This article was published in Australian Dictionary of Biography, Volume 7, (MUP), 1979
Charles Edward Chauvel (1897-1959), film director, was born on 7 October 1897 at Warwick, Queensland, second son of native-born parents James Allan Chauvel, grazier, and his wife Susan Isabella, daughter of Henry Barnes. His father, aged 53, joined the Australian Remount Unit in 1916 as a lieutenant and served with the Australian Imperial Force in Sinai and Palestine; he ended the war as a temporary major and was appointed O.B.E. in 1919. Educated at Ipswich Grammar School, Charles worked on several southern Queensland stations then studied commercial art in Sydney. He also attended drama classes and from 1920 worked as a production assistant, primarily responsible for the horses, with R. L. ('Snowy') Baker and other film-makers.
In April 1922 Chauvel followed Baker to the United States of America; he survived in Los Angeles by writing articles about Australia and taking small jobs in Hollywood studios. He returned late in 1923, fired with enthusiasm to produce his own films. Financed by Queensland businessmen and friends, he embarked on The Moth of Moonbi (released January 1926) and Greenhide (released November). The heroine of Greenhide was played by Elsie May Wilcox, an actress known professionally as Elsie Sylvaney (Silveni). On 5 June 1927 Elsa (as she became known) and Charles were married in Sydney at St James's Church; thereafter she worked closely with him as a production associate.
Chauvel was self-reliant—serving as his own business manager, director, writer, publicist and distributor. His publicity was flamboyant and both of his silent films were modest commercial successes. In 1928 he went to Hollywood to seek American releases but found the market in the throes of transition to sound. He returned to Australia and worked as a cinema-manager in Melbourne before settling at Stanthorpe, Queensland.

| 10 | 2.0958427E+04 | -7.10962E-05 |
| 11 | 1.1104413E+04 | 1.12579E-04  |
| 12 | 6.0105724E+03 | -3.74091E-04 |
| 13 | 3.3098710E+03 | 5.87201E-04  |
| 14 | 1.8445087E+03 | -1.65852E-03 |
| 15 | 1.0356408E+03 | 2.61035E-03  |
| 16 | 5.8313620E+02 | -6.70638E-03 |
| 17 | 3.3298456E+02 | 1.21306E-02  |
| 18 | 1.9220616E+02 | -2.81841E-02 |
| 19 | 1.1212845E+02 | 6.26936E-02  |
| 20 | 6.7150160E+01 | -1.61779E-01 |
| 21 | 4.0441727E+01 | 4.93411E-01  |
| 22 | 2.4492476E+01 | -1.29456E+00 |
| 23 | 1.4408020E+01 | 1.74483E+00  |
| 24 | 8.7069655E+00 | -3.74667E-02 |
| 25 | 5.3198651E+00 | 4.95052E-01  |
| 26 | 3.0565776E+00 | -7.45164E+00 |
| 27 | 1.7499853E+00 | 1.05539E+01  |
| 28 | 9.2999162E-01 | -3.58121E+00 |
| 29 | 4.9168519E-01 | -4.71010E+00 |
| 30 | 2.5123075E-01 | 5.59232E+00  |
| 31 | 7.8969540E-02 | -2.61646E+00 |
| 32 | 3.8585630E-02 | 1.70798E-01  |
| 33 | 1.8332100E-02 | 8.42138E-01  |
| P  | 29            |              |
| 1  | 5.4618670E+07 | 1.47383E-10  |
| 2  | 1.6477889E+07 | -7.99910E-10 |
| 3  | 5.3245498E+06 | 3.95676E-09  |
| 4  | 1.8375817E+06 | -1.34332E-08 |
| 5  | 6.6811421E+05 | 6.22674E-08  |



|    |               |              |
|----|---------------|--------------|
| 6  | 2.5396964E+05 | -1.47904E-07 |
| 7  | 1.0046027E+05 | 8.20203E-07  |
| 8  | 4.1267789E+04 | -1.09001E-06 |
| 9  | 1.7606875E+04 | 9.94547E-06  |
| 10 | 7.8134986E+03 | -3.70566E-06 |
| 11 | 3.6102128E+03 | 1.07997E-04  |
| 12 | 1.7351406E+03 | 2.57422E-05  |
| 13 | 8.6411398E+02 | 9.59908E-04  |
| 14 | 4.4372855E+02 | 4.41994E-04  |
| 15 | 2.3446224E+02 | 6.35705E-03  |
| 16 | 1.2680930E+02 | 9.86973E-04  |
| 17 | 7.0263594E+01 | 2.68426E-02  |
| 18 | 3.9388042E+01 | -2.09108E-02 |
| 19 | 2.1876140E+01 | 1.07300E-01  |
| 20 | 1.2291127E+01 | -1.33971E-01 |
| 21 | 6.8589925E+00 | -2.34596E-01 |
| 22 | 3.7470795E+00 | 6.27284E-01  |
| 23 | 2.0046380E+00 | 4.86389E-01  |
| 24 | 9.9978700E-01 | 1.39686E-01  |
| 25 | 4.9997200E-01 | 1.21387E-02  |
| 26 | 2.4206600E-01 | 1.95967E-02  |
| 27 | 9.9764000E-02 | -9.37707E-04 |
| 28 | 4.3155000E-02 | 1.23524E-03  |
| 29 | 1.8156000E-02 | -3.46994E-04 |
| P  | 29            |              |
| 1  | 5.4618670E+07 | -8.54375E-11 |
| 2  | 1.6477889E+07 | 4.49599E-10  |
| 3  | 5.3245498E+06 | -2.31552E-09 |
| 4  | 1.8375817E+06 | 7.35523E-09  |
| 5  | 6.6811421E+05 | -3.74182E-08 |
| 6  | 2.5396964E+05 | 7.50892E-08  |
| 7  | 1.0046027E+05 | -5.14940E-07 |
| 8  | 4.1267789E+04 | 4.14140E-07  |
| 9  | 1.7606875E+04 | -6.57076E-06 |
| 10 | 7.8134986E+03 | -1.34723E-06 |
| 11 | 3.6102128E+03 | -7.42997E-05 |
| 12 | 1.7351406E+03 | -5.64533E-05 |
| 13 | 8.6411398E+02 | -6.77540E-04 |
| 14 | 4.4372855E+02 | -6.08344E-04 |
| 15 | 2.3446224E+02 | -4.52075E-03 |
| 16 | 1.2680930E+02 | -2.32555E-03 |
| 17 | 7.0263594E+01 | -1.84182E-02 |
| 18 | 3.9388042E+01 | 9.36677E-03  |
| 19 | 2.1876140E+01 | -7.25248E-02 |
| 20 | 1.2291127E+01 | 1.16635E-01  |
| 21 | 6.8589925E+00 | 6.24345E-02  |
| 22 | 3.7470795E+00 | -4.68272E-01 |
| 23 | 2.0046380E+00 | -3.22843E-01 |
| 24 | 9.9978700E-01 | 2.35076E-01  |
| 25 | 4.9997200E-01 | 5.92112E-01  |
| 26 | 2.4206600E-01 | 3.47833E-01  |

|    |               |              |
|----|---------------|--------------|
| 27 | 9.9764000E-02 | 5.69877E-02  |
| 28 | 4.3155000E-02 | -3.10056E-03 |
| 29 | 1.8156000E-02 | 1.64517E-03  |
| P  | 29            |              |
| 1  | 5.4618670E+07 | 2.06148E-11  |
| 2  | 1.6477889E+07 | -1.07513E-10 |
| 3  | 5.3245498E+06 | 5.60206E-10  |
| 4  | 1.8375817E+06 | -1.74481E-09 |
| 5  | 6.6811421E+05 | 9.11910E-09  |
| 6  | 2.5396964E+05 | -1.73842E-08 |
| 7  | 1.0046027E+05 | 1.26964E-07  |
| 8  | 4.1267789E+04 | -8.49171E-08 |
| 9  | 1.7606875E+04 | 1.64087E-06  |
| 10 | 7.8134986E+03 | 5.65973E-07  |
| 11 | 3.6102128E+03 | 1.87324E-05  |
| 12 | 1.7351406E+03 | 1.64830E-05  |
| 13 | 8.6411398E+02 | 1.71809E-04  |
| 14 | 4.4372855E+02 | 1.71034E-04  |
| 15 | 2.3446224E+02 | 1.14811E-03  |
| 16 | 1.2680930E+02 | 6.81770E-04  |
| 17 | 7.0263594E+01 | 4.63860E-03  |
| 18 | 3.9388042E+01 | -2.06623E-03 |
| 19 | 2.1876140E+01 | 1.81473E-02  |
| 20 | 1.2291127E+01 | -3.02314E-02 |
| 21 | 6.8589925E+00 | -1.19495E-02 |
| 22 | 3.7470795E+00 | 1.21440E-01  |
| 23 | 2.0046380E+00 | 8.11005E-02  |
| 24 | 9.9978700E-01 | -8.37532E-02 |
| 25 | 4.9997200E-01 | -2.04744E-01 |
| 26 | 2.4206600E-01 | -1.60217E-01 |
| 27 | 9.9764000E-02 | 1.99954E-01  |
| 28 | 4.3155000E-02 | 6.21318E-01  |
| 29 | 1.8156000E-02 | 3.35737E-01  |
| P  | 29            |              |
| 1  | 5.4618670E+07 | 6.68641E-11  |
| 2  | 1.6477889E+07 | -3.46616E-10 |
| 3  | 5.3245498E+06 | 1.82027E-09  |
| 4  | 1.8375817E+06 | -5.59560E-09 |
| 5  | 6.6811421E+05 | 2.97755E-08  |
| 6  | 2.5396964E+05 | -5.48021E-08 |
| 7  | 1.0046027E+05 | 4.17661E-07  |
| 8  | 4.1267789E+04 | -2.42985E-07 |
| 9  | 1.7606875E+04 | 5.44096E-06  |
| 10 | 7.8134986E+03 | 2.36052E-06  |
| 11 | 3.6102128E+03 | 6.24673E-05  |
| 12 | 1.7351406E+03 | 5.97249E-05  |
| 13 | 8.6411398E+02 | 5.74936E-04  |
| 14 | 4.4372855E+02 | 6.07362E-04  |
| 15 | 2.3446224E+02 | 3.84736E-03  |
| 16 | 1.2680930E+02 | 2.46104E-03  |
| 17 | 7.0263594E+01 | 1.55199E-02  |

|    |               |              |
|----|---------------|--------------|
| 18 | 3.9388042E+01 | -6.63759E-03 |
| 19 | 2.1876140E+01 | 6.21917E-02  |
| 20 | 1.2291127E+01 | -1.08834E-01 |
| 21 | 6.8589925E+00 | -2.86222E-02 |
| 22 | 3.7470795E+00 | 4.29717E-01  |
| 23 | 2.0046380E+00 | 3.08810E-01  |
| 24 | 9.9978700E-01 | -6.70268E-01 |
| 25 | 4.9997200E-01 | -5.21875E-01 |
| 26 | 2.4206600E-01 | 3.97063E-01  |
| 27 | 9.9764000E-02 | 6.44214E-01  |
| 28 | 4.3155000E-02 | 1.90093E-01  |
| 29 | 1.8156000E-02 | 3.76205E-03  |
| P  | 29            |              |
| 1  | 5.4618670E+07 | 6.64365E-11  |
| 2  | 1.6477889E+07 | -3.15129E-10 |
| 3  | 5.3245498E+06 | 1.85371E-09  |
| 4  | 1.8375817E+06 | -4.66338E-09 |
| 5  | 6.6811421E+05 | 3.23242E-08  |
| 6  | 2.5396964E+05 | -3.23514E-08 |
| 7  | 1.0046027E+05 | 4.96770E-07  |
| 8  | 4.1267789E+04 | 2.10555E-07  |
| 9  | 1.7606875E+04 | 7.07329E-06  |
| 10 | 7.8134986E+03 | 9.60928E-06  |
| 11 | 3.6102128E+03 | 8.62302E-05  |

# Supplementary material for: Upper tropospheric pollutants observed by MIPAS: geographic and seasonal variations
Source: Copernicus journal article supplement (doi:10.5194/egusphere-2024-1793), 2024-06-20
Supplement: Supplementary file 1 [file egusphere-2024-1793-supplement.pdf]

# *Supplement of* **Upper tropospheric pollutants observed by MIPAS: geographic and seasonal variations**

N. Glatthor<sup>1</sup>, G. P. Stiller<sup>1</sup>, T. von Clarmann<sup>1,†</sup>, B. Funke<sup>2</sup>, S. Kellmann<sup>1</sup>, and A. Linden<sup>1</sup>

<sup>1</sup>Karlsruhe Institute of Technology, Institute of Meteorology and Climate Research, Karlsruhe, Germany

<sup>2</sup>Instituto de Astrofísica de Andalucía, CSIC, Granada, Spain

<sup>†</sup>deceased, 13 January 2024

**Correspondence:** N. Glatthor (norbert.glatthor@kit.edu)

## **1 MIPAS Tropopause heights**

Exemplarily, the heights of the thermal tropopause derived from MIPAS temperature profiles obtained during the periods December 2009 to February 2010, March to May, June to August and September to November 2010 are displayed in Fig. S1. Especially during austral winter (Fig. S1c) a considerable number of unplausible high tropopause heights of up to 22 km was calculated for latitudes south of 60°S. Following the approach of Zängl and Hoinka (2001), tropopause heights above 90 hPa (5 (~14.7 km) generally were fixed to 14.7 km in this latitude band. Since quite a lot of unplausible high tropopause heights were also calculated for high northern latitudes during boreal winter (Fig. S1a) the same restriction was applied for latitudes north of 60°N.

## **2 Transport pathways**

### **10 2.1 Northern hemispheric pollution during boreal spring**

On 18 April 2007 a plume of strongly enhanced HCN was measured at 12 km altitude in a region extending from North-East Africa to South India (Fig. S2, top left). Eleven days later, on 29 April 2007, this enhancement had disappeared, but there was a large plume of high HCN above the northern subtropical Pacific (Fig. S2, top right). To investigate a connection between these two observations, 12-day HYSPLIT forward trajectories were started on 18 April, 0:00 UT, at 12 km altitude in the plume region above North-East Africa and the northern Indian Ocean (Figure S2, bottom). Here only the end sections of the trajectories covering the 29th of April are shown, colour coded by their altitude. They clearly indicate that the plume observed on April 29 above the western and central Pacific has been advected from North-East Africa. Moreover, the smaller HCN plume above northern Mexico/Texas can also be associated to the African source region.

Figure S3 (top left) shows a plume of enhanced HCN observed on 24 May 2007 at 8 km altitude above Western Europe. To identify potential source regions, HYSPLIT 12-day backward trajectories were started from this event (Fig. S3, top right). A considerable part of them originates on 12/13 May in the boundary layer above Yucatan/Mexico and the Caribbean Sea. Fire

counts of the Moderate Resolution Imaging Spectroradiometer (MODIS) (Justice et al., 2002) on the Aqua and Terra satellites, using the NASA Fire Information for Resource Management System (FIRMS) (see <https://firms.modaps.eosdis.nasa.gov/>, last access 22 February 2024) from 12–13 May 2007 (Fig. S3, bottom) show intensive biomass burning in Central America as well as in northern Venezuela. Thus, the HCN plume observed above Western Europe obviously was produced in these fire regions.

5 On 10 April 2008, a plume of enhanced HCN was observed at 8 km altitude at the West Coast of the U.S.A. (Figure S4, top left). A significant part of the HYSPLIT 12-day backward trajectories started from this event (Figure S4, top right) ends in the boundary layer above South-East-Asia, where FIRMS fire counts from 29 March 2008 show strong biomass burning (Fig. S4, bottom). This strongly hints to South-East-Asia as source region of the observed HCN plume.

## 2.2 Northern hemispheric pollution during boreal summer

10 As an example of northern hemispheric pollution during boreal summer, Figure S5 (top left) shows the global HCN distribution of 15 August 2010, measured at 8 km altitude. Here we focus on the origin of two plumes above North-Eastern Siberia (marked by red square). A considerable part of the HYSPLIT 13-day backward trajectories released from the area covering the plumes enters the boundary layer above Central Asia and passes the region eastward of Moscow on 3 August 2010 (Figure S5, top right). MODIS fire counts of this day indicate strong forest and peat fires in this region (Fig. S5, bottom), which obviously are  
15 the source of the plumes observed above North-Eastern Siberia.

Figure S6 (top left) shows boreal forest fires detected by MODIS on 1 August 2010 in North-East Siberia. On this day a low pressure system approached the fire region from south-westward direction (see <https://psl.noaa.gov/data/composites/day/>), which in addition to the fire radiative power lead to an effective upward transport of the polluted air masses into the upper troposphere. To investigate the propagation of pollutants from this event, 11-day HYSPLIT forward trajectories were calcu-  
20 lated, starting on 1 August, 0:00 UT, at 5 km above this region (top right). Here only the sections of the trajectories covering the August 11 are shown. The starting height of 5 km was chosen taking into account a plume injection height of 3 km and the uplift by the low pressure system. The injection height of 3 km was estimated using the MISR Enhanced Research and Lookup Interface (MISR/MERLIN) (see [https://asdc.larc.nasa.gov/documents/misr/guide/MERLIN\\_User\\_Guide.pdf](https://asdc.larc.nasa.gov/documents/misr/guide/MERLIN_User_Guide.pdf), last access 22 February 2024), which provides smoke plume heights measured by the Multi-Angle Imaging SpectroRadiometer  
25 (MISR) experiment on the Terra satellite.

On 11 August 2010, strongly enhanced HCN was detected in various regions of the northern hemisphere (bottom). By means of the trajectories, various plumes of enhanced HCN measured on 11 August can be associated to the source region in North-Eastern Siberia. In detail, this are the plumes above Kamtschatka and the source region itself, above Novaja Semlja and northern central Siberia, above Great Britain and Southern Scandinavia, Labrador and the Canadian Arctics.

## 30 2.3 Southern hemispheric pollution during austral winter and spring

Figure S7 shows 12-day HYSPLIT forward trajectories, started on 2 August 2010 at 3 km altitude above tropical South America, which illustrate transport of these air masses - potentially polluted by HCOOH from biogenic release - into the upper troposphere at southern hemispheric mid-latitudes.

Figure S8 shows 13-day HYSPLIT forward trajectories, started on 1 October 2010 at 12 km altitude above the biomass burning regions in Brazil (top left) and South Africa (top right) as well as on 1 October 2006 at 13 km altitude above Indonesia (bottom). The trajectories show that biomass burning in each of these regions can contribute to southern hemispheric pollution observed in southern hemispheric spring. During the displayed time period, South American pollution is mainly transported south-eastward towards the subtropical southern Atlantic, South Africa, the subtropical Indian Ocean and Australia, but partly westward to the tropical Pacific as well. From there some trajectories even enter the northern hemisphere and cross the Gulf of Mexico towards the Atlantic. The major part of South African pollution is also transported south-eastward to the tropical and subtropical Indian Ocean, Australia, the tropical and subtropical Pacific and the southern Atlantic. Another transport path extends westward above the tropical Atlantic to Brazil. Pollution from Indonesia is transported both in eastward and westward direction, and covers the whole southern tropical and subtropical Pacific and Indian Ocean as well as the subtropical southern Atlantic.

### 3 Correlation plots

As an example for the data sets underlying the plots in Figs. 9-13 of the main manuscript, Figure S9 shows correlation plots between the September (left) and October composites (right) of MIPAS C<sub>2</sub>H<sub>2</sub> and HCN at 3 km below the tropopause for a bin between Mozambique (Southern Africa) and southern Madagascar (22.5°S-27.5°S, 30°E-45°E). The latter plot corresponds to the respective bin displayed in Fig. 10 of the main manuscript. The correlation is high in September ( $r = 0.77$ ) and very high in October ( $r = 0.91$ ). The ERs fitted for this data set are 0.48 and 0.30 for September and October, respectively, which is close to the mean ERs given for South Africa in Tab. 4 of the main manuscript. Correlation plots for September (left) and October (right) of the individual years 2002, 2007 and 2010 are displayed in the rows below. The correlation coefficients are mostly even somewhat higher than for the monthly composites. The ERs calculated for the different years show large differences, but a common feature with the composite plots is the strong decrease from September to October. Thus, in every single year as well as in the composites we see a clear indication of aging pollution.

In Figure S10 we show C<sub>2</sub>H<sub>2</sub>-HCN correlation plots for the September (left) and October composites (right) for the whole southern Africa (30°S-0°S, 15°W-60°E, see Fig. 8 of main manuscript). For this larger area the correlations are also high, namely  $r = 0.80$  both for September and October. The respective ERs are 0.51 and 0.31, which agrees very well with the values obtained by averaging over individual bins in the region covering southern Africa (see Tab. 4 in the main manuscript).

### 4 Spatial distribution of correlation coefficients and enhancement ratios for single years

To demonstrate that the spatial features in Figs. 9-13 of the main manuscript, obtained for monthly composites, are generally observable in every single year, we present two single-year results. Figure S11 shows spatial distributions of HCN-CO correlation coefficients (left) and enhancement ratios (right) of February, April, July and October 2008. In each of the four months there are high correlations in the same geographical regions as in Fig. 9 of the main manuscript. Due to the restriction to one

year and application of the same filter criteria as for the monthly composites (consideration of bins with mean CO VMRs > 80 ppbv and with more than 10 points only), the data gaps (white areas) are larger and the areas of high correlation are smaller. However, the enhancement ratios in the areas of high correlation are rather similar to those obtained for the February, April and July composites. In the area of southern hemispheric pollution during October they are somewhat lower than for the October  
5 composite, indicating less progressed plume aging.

Chauvel's first feature with sound was In the Wake of the Bounty (released March 1933), which merged a dramatic reconstruction of the Bounty mutiny in 1789 with documentary footage of life on Pitcairn Island nearly 150 years later. He had a strong urge to find spectacular backgrounds for his films, even at considerable personal discomfort and risk, and in 1932, with Elsa and a cameraman, he spent three months on Pitcairn shooting material for the film.
In 1935 Chauvel won the Commonwealth government's film competition with Heritage, a panoramic view of Australian history. Next year he made a jungle adventure, Uncivilised, then visited Hollywood. In July 1937, inspired by the distinguished war records in Palestine of his father, his uncle General Sir Harry Chauvel and his first cousin (Sir) Michael Bruxner, he began preparations for Forty Thousand Horsemen, a tribute to the Australian Light Horse in the campaigns of World War I. Shot in and around Sydney, with sand-dunes at Cronulla representing the Palestinian desert, the film was released in Sydney on 26 December 1940 and was an immediate success with both public and critics. It served as an important boost to Australian morale throughout World War II, and was screened widely overseas, helping to form popular American and British attitudes to the Australian 'digger'.
After another war feature, The Rats of Tobruk (1944), and several short propaganda films for the Department of Information, Chauvel directed Sons of Matthew (1949), a saga of pioneering life in the rugged mountain forests of south-eastern Queensland, filmed on the remote locations under difficult physical conditions. The result was considered by many to be his finest work. His final feature, Jedda (1955), was Australia's first in colour. It was shot largely in central and northern Australia and told the story of a young Aboriginal torn between her own people and her white foster-parents. He then made a series of thirteen half-hour films entitled Walkabout for British Broadcasting Corporation television. The series taxed Chauvel's energy, and he died of coronary vascular disease at his home at Castlecrag, Sydney, on 11 November 1959 and was buried in the Anglican section of Northern Suburbs cemetery. He was survived by his wife and daughter.
Chauvel was the only major director to persevere with production after World War II in the face of increased foreign domination of the Australian film trade. Intense and tireless, he often made severe demands on his employees and took extravagant physical and financial measures to perfect his work. Like many of his contemporaries, he was obsessed by the romance of the movies as exemplified by Hollywood; yet he expressed in most of his films, with varying clarity and strength, a heroic vision of Australia as a grand and exotic land, peopled by spirited sons of the soil.
A. F. Pike, 'Chauvel, Charles Edward (1897–1959)', Australian Dictionary of Biography, National Centre of Biography, Australian National University, http://adb.anu.edu.au/biography/chauvel-charles-edward-5568/text9495, accessed 23 May 2013.
This article was first published in hardcopy in Australian Dictionary of Biography, Volume 7, (MUP), 1979